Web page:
Amazon Prime Day 2020 took place on October 13-14, marking the internet retailer’s sixth annual sale celebration, and its first to occur outside the month of July. In addition to its shift in timing, Prime Day 2020 saw a shift in ad strategy, a slight shake-up to the top items list, and moderate changes in consumer behavior-- including a move towards holiday gift purchasing.
Since its inception in 2015, Amazon Prime Day has taken place annually in mid-July, driving a summer sales boost among Amazon and its competitors. Like many other events in 2020, this year’s Prime Day was postponed, and is now set to take place on October 13 & 14. What does a delayed Prime Day mean for the retail world, what are consumers saying, and how are brands and retailers advertising in advance of the upcoming day of deals?
Quarantine has resulted in many people re-discovering old hobbies such as knitting or bread making, but there’s another classic past-time increasing in popularity throughout the pandemic: cocktail making. With bars and restaurants closed, or only open in a limited capacity, many have taken to imbibing in alcoholic beverages from the comfort of their homes, where they’re definitely on a first-name basis with the bartender and getting friendly pours.
As summer winds down and fall quickly approaches, consumers and brands alike are turning their focus toward all things autumn. One question on many minds is what 2020 holds for Halloween, a holiday certain to look different amidst the COVID-19 pandemic. Will there be trick-or-treating? If not, will consumers still look for some way to celebrate?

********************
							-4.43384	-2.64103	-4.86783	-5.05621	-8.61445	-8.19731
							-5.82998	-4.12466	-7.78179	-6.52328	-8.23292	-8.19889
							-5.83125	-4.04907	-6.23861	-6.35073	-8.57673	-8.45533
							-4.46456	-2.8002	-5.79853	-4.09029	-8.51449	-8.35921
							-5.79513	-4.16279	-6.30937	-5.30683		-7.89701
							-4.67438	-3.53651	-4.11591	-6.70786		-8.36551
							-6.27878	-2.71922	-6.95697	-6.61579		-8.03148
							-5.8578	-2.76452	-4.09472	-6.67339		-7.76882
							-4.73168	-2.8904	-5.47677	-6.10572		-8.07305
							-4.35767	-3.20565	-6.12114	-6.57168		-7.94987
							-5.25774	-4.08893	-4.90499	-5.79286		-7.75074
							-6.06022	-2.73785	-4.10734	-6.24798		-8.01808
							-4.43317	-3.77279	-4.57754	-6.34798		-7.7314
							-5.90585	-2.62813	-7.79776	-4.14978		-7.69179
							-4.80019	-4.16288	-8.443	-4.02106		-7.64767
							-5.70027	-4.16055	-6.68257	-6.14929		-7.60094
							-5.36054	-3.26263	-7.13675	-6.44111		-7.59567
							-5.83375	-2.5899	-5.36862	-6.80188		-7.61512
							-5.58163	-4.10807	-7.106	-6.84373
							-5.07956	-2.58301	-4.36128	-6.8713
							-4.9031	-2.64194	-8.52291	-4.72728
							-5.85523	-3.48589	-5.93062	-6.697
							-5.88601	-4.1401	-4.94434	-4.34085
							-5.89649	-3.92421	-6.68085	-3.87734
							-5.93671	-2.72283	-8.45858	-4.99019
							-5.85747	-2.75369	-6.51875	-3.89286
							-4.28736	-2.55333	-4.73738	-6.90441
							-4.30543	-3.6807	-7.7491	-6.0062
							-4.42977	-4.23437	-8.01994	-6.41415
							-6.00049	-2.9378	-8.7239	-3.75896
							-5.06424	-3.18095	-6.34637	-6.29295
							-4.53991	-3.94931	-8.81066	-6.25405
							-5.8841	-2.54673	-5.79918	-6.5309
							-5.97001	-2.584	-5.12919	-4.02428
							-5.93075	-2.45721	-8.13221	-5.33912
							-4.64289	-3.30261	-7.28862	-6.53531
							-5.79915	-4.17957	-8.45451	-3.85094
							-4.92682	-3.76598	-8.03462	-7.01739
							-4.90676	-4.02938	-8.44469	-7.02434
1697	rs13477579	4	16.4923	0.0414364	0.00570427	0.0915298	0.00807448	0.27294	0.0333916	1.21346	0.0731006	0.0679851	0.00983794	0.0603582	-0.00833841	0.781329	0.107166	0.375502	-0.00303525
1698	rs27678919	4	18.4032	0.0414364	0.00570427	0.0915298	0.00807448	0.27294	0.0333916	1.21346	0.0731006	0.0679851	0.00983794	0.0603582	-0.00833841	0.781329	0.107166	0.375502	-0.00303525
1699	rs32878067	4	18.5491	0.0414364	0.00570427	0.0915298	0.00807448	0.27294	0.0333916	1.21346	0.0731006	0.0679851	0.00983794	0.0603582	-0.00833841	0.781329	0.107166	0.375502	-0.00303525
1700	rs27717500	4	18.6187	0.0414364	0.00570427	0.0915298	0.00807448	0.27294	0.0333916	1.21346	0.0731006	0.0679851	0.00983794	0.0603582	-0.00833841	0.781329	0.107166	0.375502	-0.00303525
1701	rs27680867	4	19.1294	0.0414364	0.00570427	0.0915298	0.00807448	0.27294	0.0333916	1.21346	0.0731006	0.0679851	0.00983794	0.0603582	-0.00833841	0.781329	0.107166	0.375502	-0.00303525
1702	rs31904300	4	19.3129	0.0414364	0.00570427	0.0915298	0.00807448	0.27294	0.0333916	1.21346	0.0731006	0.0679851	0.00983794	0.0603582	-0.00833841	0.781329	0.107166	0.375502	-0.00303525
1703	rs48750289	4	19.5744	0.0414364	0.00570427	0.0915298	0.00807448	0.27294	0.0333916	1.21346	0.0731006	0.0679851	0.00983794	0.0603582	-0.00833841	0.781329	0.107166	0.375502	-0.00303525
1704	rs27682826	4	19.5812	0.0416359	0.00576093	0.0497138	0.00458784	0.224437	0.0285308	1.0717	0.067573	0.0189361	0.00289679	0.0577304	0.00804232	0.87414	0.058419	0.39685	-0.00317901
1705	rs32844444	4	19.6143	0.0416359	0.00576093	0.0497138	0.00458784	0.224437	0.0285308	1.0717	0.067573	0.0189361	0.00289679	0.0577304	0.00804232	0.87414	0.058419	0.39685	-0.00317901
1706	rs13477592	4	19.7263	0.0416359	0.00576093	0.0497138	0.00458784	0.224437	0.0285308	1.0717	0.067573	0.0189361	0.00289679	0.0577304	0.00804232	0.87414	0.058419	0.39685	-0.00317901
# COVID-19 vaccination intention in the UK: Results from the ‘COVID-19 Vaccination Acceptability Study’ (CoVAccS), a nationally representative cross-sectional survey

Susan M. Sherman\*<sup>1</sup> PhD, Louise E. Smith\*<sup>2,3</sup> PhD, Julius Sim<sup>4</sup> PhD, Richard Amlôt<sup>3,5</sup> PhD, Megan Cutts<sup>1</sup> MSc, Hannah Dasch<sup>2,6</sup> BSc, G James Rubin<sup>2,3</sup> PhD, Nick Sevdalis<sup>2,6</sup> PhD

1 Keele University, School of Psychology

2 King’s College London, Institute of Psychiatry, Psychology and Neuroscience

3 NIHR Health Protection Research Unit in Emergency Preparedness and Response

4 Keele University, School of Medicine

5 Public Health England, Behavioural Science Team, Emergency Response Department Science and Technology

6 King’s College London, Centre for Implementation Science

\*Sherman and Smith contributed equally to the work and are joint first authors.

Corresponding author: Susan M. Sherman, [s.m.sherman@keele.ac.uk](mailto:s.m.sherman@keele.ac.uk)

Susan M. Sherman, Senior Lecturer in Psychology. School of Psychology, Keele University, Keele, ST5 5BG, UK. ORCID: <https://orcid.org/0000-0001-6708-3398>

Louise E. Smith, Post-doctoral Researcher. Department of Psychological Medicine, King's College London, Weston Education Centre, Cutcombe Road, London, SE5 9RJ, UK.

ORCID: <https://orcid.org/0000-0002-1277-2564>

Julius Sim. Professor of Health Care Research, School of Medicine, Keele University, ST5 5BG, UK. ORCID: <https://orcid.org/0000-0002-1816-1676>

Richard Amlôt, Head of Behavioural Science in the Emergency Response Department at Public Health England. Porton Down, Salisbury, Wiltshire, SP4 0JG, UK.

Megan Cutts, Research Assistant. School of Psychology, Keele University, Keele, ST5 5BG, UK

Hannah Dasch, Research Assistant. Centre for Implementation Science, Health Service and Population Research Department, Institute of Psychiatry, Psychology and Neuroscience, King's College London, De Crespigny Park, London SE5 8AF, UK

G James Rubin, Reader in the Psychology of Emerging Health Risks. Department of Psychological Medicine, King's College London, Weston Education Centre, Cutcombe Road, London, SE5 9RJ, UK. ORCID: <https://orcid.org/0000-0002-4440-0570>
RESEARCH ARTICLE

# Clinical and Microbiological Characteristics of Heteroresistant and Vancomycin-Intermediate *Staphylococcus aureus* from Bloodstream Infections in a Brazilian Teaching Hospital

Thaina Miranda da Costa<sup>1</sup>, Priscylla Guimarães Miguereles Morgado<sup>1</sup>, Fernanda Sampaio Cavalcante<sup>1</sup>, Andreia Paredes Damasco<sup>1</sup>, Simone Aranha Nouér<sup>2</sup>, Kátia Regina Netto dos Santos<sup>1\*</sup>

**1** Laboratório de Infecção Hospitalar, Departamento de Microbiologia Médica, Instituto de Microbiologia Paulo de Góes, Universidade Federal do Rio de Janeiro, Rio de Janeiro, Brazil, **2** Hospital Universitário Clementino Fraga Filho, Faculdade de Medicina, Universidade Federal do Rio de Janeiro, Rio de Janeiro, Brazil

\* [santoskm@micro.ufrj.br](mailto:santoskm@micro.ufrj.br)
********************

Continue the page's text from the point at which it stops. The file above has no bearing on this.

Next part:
Uncertainty is the operative word for consumers and retailers alike as the school year resumes amid the ongoing COVID-19 pandemic. Given the unpredictable nature of the situation— will students and teachers be returning to classrooms? If they do, will it last?— it’s not surprising back-to-school sales have been impacted.
In the past few months, Quick Service Restaurants have experienced rapid and dramatic changes as consumer spend shifted online due to the COVID-19 pandemic. QSR sales took a big hit at the onset of the pandemic, but steadily increased as consumers adapted to the situation and learned what activities were safe. While sales in this channel have improved, the upturn has come with significant changes in guest behavior.
There’s no doubt the 2020-21 school year is going to look different in light of COVID-19. As a result, back-to-school shopping— a key period for many brands and retailers— will look different as well. How are parents and guardians thinking about back-to-school shopping, and what are their plans to prepare for the upcoming school year?
When the COVID-19 crisis began in March, consumers and retailers alike scrambled to make dramatic adjustments in order to adapt to an extraordinary situation. As social distancing, sheltering in place, and access to only essential businesses became the new norm, consumers experimented with new channels out of necessity.
In the wake of the COVID-19 crisis, consumer behavior has undergone rapid and dramatic shifts. Retailers and brands have been faced with the challenge of rapidly adapting to these new patterns. With today’s consumer better educated on the many shopping options they have, one theme that has emerged from this disruption in daily life is the importance of omnichoice.
The economic repercussions of the COVID-19 crisis are still unfolding. Consumers are understandably concerned about their financial futures. Though the latest job numbers offer a glimmer of hope for some industries, the experts agree: the country is in a recession, and we’re not out of the woods yet.